Clarkston Consulting https://www.facebook.com/ClarkstonConsulting https://twitter.com/Clarkston_Inc https://www.linkedin.com/company/clarkston-consulting http://plus.google.com/112636148091952451172 https://www.youtube.com/user/ClarkstonInc
Skip to content

How to Make Quality Systems Validation Less Daunting

As we have talked about through this series, by definition, Quality Systems Validation is the action of proving, in accordance with applicable Good Practices (GxP), that any procedure, process, equipment, material, activity or system produces expected results. In application, Quality Systems encompasses Packaging and Labeling, Materials Management, Facilities and Equipment, Production, Laboratory Controls, Quality Operations and IT systems which support those functions. With all of these functional areas potentially in scope, ensuring your Quality Systems is in a state of continuous validation and, therefore, always compliant can be daunting.

Ensuring continuous compliance is an on-going activity that requires the right people, processes and supporting technologies.  However, often overlooked is the development of a long term strategy, which requires the appropriate allocation of resources and a comprehensive understanding of the state of your current Quality Systems.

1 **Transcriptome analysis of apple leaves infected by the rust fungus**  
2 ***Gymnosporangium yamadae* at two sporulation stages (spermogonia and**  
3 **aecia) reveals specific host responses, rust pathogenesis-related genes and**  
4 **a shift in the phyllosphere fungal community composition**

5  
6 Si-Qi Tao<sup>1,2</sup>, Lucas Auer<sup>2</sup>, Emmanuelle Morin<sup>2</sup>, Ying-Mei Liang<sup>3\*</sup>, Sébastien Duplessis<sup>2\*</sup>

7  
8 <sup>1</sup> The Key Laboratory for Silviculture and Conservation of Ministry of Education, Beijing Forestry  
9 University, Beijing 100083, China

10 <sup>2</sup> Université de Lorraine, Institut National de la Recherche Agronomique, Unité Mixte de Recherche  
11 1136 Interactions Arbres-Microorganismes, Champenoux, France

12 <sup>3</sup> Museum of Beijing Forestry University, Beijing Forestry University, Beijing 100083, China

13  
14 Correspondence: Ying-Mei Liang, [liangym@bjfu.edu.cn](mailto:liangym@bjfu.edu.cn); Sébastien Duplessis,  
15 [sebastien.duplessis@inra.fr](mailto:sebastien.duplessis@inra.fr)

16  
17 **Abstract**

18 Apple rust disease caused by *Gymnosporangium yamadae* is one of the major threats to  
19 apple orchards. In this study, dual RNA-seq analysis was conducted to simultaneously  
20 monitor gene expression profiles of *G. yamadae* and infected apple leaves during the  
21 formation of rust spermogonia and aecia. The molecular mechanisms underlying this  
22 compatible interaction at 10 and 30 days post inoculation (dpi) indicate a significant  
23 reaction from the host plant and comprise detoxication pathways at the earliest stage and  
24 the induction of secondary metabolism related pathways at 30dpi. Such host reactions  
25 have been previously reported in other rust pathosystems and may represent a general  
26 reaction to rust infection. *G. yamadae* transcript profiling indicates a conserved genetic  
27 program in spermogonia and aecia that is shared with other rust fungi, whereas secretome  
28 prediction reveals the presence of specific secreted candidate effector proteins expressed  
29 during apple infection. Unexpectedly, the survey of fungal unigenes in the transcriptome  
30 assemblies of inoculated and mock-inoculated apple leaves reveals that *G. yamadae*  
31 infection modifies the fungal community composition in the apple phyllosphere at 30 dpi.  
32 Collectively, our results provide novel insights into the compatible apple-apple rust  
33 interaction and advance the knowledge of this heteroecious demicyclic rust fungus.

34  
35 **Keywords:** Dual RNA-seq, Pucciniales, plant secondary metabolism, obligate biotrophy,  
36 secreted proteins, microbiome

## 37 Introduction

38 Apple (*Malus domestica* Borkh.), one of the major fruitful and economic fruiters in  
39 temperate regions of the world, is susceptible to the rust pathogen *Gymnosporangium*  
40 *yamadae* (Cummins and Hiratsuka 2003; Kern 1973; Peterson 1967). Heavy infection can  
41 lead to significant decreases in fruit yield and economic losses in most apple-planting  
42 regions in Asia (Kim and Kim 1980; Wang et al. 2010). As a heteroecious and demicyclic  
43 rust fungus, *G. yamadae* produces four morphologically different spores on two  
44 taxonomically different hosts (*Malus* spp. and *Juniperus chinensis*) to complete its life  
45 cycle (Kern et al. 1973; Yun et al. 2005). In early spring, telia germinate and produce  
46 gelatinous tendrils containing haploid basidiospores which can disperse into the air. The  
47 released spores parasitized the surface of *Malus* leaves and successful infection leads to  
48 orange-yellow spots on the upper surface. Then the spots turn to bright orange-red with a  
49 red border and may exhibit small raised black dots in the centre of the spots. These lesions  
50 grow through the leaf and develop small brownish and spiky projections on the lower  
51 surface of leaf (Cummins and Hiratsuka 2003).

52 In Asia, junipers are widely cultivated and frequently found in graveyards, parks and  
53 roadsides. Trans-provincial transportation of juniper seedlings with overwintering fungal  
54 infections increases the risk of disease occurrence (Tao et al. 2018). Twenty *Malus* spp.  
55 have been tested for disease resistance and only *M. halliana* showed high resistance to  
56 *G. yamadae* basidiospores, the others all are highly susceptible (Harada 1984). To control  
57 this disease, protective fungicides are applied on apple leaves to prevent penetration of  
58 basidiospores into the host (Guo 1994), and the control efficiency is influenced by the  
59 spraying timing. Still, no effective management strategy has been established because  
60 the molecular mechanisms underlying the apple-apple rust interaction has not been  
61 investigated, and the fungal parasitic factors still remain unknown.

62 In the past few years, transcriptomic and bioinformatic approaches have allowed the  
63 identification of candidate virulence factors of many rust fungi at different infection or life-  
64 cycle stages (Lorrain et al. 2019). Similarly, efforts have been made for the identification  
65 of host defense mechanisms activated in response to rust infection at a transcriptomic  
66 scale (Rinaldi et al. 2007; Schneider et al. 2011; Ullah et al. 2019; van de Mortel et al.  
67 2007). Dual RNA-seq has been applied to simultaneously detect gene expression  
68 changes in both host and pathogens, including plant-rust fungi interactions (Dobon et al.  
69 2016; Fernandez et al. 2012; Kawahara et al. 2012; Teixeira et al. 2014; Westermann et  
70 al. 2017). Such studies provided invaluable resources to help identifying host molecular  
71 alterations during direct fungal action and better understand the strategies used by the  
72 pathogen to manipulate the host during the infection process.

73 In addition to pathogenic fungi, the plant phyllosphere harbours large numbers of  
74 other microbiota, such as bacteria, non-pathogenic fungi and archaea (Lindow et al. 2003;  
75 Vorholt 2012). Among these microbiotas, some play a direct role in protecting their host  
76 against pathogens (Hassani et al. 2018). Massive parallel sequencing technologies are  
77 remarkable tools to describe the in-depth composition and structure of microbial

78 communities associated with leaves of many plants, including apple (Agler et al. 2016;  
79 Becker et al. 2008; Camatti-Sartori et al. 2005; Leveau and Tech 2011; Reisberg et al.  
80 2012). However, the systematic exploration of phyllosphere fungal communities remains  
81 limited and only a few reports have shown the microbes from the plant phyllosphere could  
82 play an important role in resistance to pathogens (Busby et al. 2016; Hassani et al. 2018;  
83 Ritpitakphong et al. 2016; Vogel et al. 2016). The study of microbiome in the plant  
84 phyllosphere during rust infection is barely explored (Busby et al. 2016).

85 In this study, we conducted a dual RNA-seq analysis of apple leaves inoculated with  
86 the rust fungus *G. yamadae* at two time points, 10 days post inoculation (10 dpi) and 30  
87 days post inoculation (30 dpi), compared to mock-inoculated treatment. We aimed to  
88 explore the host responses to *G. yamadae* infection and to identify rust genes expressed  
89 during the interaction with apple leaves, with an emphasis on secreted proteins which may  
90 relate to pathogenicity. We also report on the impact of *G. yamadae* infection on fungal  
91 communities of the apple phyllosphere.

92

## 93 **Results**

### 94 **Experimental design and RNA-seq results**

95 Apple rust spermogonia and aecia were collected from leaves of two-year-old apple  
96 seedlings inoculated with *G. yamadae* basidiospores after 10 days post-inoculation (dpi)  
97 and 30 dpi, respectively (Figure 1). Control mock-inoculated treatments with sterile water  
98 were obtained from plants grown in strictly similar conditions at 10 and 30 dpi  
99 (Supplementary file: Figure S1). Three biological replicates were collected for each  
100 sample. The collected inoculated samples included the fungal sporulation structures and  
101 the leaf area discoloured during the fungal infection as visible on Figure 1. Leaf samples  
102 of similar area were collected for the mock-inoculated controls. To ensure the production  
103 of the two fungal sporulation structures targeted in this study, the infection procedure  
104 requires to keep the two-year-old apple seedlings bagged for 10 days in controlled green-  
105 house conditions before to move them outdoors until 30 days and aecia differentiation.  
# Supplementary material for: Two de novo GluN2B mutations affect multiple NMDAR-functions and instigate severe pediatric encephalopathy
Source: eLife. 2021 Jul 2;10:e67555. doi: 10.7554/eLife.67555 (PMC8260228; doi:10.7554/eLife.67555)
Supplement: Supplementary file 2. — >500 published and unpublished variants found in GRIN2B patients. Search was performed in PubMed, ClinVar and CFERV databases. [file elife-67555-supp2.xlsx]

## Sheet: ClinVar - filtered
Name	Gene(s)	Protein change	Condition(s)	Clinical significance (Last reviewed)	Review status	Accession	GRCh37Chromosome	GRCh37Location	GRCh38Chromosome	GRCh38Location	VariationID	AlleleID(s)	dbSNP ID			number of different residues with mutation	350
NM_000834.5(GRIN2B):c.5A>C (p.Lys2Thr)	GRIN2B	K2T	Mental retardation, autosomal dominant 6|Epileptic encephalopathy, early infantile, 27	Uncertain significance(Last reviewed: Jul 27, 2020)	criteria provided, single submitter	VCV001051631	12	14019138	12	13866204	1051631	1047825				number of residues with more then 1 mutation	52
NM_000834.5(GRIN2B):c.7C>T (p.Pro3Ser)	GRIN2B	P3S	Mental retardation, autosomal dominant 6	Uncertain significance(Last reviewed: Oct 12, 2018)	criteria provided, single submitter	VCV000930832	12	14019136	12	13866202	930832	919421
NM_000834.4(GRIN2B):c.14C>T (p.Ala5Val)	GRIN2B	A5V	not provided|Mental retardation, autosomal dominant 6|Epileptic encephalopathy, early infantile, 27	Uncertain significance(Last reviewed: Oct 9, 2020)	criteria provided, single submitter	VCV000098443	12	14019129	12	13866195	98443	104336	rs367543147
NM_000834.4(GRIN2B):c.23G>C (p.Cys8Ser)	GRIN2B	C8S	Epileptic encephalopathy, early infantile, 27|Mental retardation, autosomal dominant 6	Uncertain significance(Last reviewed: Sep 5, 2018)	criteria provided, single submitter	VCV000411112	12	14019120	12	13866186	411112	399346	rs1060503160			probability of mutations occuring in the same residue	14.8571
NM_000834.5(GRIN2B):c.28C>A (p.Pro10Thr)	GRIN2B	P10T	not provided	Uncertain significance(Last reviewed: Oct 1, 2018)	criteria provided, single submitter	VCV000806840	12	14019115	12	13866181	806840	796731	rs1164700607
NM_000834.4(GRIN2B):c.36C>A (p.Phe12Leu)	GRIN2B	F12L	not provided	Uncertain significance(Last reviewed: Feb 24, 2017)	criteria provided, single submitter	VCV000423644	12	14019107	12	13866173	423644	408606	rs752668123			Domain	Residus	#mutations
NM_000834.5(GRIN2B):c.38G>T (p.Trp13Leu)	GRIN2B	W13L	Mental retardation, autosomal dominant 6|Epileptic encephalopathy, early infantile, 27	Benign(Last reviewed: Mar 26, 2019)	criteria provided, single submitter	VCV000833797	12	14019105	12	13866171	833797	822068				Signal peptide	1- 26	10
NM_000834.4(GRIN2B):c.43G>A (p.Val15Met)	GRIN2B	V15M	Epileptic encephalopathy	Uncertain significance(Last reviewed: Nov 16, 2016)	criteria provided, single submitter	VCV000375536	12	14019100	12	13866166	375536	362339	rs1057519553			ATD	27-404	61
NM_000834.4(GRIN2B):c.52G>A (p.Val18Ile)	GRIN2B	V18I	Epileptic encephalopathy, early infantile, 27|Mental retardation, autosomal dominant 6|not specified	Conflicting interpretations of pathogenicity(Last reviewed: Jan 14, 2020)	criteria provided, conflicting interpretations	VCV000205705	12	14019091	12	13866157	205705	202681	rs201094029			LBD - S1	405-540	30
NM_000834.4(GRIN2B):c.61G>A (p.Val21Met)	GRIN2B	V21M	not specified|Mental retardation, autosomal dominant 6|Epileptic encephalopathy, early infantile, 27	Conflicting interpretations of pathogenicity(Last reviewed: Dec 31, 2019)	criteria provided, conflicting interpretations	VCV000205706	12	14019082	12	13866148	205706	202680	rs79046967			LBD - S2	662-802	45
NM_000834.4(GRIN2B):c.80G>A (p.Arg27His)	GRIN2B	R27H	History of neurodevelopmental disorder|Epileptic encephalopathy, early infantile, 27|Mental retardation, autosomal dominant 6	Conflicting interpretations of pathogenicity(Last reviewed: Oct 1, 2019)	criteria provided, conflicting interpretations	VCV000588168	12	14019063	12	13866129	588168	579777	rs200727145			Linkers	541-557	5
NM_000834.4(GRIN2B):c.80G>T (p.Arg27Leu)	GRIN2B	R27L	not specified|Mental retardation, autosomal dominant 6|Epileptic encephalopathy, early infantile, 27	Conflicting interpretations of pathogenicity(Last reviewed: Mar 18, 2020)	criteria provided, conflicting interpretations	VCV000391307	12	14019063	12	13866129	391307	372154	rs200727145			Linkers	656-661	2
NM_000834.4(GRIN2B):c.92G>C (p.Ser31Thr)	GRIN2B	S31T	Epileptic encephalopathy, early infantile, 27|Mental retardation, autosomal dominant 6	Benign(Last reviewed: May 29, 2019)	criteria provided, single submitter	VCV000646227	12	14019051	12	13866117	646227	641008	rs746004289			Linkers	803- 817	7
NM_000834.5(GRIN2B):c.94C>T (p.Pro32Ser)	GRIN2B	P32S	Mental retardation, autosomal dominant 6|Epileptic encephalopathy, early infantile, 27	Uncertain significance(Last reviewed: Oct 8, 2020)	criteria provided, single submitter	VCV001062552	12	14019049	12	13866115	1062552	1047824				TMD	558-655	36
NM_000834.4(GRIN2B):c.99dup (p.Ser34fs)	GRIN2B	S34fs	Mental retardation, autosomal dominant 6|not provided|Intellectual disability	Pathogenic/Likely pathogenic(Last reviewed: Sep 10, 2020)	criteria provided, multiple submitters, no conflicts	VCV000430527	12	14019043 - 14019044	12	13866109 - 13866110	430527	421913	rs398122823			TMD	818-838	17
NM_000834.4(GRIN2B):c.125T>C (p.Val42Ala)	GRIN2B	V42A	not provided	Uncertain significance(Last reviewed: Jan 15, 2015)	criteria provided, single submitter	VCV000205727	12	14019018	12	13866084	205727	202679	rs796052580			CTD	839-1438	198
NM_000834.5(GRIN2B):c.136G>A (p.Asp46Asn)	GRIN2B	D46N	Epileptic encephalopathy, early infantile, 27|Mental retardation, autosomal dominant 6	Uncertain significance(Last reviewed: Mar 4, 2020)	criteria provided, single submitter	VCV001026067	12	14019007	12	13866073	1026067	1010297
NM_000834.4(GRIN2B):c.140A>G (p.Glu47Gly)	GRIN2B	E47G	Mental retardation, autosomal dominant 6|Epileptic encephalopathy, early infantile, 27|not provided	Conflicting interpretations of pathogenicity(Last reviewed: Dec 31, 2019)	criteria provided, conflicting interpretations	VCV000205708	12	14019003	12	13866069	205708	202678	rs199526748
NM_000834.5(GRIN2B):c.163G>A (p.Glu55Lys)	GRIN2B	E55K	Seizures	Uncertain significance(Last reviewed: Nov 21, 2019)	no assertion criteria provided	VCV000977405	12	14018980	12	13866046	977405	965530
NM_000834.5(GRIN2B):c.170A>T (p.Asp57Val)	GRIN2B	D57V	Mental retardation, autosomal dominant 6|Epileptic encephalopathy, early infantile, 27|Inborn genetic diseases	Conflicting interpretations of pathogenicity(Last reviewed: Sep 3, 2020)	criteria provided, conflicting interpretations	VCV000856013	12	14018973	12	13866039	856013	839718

Outlined below are some simple steps to follow along this journey:

  1. The first step is completing an assessment of your Quality Systems. The assessment should result in a documentation of your current process flows and the gaps in your current Quality System including upgrades and changes not validated. This assessment will accurately portray your company’s Quality System strengths and areas for improvements, while also identifying areas to streamline for lean processes.
  2. At this point, you will need to determine whether or not you have the right internal resources to implement your long term strategy and whether or not you may require reallocating resources or hiring external experts to start you on the path of continuous compliance.
  3. Next up is gaining an understanding of the potential risks associated with the project, developing a plan to mitigate those risks and evaluating the potential cost impacts associated with the validation efforts.
  4. Finally and often overlooked, after the implementation is complete, it is critical to create and document a monitoring program which should include revalidation activities and ensure that all previously validated systems remain in compliance. The sustainability of your long-term compliance strategy is dependent upon such a monitoring program.

Carefully following these steps will move your company from a reactionary stance to compliance and ensure that you are proactive in exploring all potential validation activities.

  • What are the challenges your company encounters regarding validation activities?
  • What resources have been the most beneficial to your company’s quality systems compliance?
Tags: Validation Strategy & Services, Quality and Compliance Technology, Services
RELATED INSIGHTS